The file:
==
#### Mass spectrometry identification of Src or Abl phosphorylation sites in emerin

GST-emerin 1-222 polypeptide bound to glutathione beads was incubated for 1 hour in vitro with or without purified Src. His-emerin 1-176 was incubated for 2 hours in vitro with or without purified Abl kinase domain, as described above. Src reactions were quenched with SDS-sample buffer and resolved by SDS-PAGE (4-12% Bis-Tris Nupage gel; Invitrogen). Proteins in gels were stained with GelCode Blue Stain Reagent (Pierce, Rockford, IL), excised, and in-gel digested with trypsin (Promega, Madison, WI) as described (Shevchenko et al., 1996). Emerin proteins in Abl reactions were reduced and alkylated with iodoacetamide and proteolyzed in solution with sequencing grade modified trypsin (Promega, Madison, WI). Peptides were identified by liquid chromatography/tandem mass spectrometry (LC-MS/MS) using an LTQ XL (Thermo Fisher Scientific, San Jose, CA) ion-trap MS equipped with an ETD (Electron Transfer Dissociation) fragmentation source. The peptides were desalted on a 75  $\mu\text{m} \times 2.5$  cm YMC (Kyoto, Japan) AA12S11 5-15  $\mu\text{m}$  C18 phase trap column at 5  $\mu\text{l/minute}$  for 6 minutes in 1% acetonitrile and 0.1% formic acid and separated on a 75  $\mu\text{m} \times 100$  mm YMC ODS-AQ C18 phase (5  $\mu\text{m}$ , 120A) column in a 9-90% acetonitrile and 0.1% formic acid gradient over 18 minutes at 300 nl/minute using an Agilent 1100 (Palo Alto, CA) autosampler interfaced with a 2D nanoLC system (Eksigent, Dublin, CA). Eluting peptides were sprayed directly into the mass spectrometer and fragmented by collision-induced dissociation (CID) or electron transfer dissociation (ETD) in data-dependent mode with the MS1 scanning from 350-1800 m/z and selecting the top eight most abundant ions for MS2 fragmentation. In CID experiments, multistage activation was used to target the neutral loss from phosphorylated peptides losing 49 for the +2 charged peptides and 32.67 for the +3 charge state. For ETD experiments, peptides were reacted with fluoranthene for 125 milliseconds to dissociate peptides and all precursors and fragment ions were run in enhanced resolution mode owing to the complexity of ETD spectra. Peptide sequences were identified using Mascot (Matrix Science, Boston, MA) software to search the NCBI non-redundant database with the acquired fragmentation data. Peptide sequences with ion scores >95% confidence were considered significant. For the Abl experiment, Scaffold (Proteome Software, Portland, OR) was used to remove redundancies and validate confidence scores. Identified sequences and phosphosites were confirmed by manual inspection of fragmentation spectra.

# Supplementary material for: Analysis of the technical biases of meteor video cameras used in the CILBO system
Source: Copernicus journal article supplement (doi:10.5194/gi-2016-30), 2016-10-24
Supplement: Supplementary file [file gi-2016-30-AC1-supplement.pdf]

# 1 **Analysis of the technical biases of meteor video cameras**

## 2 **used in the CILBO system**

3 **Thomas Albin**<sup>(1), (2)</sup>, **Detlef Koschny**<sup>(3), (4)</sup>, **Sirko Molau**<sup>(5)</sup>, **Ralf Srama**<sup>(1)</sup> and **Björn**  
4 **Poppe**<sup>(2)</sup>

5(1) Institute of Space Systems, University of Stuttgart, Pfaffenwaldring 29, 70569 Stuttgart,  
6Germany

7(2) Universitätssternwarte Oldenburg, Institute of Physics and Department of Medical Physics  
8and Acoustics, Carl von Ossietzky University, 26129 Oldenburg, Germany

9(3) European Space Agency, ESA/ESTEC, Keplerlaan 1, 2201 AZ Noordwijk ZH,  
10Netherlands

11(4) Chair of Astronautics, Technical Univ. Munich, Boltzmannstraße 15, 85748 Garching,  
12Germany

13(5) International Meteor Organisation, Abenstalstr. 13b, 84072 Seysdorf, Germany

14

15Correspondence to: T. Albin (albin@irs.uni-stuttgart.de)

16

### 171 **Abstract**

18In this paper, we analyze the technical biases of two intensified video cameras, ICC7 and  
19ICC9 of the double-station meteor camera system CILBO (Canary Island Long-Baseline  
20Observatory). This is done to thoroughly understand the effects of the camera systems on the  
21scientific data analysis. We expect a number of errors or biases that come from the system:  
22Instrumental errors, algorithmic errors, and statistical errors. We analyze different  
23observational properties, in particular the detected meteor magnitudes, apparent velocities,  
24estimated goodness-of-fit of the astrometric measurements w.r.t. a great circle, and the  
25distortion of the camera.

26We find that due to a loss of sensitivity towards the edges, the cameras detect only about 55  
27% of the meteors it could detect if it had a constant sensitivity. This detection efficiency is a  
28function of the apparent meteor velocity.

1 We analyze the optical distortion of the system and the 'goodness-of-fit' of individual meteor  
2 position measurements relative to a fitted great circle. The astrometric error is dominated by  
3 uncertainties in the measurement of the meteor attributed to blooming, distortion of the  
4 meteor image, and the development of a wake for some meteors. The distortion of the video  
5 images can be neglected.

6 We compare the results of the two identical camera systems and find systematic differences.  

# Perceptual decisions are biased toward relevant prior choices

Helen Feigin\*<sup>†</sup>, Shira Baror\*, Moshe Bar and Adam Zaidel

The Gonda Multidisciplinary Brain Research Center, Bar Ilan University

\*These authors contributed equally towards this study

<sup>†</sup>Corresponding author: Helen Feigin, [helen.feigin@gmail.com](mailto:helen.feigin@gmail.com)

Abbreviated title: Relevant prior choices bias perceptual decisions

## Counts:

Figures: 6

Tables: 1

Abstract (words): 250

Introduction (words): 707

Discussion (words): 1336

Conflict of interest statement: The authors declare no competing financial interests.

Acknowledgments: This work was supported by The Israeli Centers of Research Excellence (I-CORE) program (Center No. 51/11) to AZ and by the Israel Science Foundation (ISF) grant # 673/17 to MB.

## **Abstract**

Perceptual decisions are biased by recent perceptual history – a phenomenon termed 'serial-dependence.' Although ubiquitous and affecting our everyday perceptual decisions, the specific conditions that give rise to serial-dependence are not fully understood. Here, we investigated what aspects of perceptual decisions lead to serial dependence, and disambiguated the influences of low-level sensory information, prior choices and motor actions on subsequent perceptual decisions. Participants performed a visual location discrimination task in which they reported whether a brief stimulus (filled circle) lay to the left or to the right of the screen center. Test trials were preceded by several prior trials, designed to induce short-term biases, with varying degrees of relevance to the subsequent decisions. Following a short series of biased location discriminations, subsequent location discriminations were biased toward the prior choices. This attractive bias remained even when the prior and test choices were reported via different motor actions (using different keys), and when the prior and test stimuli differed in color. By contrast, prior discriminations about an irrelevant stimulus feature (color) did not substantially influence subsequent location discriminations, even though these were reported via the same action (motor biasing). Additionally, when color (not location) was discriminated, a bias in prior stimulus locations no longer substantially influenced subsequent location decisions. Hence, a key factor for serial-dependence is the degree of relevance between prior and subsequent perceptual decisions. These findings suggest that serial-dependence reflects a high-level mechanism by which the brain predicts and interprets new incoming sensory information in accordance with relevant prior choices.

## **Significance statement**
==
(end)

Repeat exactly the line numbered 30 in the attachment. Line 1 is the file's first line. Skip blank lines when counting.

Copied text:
25distortion of the camera.